However, his motion was turned down both by then CM of East Bengal, Khwaja Nazimuddin, and the Prime Minister of Pakistan Liaquat Ali Khan. This resulted in widespread resentment among the students and intellectuals of East Pakistan and culminated in the Bengali Language movement.

Political analyst Syed Badrul Ahsan wrote in BDNews24, “…Not a single Muslim Bengali politician could call forth the courage to support Datta on that day. Not one Muslim politician rose in that chamber to support Datta, to speak for their land.”

“They remembered they were Muslims but conveniently forgot that they were Bengalis first and foremost. Their loyalty to the Muslim League proved to be deeper than their concern for their language and for their distinctive cultural heritage.”

Dhirendranath Datta in a group photo with Sheikh Mujibur Rahman, image via BD News 24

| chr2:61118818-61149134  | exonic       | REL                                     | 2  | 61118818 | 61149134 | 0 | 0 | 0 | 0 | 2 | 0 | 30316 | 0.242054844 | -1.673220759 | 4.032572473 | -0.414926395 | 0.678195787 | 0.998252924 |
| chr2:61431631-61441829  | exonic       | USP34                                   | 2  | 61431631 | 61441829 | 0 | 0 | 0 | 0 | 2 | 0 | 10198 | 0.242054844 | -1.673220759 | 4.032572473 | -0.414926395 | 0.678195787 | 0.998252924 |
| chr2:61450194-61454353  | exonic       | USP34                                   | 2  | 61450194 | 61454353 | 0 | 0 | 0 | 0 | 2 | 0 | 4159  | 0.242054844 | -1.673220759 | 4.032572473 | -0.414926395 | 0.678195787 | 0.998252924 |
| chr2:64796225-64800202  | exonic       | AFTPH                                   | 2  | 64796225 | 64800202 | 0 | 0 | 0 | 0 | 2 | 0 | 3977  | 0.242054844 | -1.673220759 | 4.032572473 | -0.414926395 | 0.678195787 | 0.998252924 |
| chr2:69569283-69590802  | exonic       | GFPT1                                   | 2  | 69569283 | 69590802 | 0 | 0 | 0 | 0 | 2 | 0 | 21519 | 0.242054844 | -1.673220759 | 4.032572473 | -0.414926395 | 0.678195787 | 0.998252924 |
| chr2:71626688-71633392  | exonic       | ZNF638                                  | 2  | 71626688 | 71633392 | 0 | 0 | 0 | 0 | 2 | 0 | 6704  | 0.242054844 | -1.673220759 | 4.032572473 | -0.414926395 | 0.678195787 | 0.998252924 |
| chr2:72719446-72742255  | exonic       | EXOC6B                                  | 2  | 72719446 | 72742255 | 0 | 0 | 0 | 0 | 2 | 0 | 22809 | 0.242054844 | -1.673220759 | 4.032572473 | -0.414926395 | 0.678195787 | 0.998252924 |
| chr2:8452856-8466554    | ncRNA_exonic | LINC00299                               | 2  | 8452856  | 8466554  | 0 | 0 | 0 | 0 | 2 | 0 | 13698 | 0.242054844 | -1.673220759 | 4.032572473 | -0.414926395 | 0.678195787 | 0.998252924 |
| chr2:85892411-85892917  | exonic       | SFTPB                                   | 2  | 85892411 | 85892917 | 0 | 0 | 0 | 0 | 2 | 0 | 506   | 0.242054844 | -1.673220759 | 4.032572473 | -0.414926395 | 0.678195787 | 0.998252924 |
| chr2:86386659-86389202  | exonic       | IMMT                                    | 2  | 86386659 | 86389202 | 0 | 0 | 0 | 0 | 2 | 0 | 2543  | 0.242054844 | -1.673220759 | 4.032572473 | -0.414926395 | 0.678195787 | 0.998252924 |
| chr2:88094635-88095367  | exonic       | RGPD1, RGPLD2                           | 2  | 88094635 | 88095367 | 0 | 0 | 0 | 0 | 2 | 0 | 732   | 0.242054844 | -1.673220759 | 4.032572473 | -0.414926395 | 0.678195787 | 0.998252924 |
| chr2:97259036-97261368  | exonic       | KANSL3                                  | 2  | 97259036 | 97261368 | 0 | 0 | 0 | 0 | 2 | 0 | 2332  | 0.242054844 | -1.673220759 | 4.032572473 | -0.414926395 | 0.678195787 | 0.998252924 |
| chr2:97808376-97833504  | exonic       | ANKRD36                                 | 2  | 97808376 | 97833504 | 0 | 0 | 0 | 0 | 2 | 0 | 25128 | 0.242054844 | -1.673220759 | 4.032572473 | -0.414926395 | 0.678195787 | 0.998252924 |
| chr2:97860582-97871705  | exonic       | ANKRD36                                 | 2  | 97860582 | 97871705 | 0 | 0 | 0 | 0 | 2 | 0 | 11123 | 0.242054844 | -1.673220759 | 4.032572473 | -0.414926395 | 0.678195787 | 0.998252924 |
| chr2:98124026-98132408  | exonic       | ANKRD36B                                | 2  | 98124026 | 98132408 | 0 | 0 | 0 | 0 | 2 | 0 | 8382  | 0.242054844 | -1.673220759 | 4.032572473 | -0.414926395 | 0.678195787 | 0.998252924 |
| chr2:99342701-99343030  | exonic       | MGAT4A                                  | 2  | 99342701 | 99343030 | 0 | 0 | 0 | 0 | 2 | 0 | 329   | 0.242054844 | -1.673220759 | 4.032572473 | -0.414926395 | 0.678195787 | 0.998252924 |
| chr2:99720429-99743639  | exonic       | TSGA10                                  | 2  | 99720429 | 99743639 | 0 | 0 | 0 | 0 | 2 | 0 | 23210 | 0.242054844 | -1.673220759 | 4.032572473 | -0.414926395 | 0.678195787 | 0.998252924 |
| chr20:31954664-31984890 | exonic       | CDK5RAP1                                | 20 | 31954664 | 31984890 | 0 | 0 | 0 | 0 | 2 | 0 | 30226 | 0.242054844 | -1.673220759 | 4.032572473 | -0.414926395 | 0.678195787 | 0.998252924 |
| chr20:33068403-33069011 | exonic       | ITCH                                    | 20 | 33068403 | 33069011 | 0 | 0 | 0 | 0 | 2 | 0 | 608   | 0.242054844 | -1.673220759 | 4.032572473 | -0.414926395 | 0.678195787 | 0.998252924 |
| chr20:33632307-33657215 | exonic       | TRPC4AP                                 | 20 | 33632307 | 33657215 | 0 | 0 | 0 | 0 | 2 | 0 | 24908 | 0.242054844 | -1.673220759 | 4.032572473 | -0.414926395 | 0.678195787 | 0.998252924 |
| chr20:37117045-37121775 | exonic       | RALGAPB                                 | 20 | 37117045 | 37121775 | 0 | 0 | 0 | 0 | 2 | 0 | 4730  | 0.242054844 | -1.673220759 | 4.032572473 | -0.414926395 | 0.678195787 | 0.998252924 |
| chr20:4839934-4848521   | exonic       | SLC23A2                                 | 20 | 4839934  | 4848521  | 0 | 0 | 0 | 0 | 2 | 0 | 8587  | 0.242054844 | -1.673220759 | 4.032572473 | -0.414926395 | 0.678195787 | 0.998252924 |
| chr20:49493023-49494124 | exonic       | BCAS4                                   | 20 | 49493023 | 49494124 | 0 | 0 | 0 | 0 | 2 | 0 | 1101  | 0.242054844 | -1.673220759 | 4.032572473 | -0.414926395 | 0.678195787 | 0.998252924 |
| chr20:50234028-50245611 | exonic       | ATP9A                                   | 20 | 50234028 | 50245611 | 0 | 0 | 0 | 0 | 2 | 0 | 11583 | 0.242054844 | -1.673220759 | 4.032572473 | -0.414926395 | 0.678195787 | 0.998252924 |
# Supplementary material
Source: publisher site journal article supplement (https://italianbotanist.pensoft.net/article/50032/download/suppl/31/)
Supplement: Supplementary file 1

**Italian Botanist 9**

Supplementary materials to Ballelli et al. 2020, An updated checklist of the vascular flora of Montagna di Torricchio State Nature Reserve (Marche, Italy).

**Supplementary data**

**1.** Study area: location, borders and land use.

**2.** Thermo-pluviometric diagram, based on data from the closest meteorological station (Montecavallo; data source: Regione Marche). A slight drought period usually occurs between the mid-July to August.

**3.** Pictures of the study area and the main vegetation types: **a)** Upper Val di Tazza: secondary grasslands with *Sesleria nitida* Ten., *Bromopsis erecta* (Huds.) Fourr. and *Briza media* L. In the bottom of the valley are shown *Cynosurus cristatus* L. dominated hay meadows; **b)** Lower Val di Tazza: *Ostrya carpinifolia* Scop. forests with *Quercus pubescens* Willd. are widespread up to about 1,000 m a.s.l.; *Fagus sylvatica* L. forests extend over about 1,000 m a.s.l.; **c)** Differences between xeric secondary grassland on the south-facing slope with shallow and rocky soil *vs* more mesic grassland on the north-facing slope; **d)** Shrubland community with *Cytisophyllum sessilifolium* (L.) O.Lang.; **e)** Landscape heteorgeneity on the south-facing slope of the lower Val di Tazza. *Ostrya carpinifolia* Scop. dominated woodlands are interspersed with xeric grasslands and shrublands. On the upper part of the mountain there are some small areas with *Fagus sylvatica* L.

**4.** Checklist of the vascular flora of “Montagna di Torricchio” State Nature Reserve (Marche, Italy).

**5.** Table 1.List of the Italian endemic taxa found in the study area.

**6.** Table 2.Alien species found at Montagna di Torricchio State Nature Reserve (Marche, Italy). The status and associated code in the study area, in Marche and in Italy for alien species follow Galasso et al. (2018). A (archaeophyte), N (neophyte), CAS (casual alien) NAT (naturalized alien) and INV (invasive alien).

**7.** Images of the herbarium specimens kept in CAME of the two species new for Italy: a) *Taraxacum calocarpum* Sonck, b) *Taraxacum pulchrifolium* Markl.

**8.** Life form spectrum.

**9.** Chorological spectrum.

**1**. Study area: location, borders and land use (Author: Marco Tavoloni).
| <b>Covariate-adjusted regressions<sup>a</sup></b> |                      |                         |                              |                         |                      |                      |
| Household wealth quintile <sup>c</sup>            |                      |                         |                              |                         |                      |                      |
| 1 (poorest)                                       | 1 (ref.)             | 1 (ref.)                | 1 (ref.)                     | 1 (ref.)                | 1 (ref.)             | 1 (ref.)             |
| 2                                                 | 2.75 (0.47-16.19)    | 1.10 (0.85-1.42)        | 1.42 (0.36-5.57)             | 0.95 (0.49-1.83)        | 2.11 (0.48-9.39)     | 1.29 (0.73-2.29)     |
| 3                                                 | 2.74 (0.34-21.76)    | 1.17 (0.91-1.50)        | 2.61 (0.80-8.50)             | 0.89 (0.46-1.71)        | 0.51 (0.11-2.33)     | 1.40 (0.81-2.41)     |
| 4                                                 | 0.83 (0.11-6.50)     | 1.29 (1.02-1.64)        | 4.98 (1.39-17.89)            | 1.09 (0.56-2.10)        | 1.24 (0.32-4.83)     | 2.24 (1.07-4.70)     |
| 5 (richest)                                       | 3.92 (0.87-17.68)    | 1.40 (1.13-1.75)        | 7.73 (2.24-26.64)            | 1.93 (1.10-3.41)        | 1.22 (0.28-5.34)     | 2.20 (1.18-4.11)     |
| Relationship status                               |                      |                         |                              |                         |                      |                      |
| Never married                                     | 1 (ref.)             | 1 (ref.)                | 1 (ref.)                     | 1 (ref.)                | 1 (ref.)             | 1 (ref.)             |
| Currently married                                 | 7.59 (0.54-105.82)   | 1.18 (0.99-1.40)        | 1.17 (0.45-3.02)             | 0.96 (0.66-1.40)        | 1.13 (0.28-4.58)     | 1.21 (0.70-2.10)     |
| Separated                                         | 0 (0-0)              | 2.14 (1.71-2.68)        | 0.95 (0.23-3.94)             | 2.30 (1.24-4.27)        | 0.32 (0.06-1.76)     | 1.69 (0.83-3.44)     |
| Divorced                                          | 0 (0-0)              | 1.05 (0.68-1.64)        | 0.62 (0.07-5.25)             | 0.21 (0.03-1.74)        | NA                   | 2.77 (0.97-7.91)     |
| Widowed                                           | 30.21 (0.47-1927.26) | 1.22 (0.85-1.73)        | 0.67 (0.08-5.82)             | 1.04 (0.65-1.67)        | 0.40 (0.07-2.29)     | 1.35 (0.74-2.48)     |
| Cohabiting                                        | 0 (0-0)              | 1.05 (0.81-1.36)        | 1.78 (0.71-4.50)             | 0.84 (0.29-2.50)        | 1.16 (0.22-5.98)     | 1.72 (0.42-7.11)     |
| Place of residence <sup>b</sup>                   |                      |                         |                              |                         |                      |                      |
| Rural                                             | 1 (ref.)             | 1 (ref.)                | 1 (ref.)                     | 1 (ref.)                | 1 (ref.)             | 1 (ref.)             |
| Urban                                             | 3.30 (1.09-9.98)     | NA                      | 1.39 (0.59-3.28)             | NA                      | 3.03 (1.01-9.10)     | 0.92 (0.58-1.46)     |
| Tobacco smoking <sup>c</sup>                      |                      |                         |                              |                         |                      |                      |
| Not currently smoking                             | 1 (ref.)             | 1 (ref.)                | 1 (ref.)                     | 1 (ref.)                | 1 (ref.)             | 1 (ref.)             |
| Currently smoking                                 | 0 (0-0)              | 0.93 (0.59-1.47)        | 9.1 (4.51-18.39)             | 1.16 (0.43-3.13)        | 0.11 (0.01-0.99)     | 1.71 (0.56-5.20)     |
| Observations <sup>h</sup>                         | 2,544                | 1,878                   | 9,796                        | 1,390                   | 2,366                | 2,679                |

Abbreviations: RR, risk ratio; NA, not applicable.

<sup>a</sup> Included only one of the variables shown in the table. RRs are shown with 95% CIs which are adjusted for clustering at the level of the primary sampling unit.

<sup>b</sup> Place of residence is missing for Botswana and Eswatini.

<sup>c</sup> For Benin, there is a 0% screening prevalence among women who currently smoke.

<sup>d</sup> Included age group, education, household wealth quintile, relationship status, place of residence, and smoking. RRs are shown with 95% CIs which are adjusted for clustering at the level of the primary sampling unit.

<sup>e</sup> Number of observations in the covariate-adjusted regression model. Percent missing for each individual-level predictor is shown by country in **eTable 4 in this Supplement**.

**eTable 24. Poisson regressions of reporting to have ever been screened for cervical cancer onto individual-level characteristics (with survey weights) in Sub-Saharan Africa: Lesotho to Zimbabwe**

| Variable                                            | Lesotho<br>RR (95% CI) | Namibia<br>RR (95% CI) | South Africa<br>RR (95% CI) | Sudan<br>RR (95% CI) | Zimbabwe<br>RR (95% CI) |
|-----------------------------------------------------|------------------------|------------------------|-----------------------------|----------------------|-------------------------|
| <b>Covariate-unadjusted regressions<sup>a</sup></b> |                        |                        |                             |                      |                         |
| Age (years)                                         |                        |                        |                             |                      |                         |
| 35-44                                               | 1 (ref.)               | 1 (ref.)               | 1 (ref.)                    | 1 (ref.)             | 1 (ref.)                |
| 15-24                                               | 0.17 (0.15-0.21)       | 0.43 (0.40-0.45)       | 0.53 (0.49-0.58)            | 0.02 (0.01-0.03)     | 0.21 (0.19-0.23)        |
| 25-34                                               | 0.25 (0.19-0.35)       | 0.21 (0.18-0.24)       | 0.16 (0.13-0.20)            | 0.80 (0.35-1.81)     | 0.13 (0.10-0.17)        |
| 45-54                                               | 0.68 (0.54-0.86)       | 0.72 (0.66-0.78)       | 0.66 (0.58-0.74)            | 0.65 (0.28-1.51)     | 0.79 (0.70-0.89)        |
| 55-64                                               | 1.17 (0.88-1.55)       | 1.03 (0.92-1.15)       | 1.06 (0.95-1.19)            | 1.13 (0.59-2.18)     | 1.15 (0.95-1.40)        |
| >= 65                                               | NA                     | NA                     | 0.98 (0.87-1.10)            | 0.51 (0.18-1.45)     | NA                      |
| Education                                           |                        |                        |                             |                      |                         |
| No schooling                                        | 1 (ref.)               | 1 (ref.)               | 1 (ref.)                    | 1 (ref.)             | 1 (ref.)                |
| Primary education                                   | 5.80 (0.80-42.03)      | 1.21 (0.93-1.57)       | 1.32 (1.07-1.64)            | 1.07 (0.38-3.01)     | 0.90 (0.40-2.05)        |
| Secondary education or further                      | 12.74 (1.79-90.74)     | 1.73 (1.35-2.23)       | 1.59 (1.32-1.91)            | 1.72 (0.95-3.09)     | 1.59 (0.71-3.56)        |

A month later on March 21, 1948, Muhammad Ali Jinnah announced in Dhaka that only Urdu would be the official language of Pakistan. “Let me make it very clear to you, it is no doubt that the state language of Pakistan is going to be Urdu and no other language,” he remarked.

“Anyone who tries to mislead you is really the enemy of Pakistan. Without one state language, no nation can remain tied up solidly together and function. Look at the history of other countries. Therefore so far as the state language is concerned, Pakistan’s language should be Urdu,” Jinnah had emphasised.

The historic speech of Dhirendranath Datta at the Pakistan Constituent Assembly

Some of the excerpts of the historic proposition of Dhirendranath Datta in the Constituent Assembly of Pakistan on February 25, 1948, are reproduced below:

I know, Sir, that Bangla is a provincial language, but so far our state is concerned, it is the language of the majority of the People of the state.

So although it is a provincial language, as it is a language of the majority of the people of the state and it stands on a different footing, therefore. Out of six crores and ninety lakhs of people inhabiting this State, 4 crores and 40 lakhs of people speak the Bangla language.

So, Sir, what should be the State language of the State? The State language of the state should be the language which is used by the majority of the people of the State, and for that, Sir, I consider that Bangla language is a lingua franca of our State.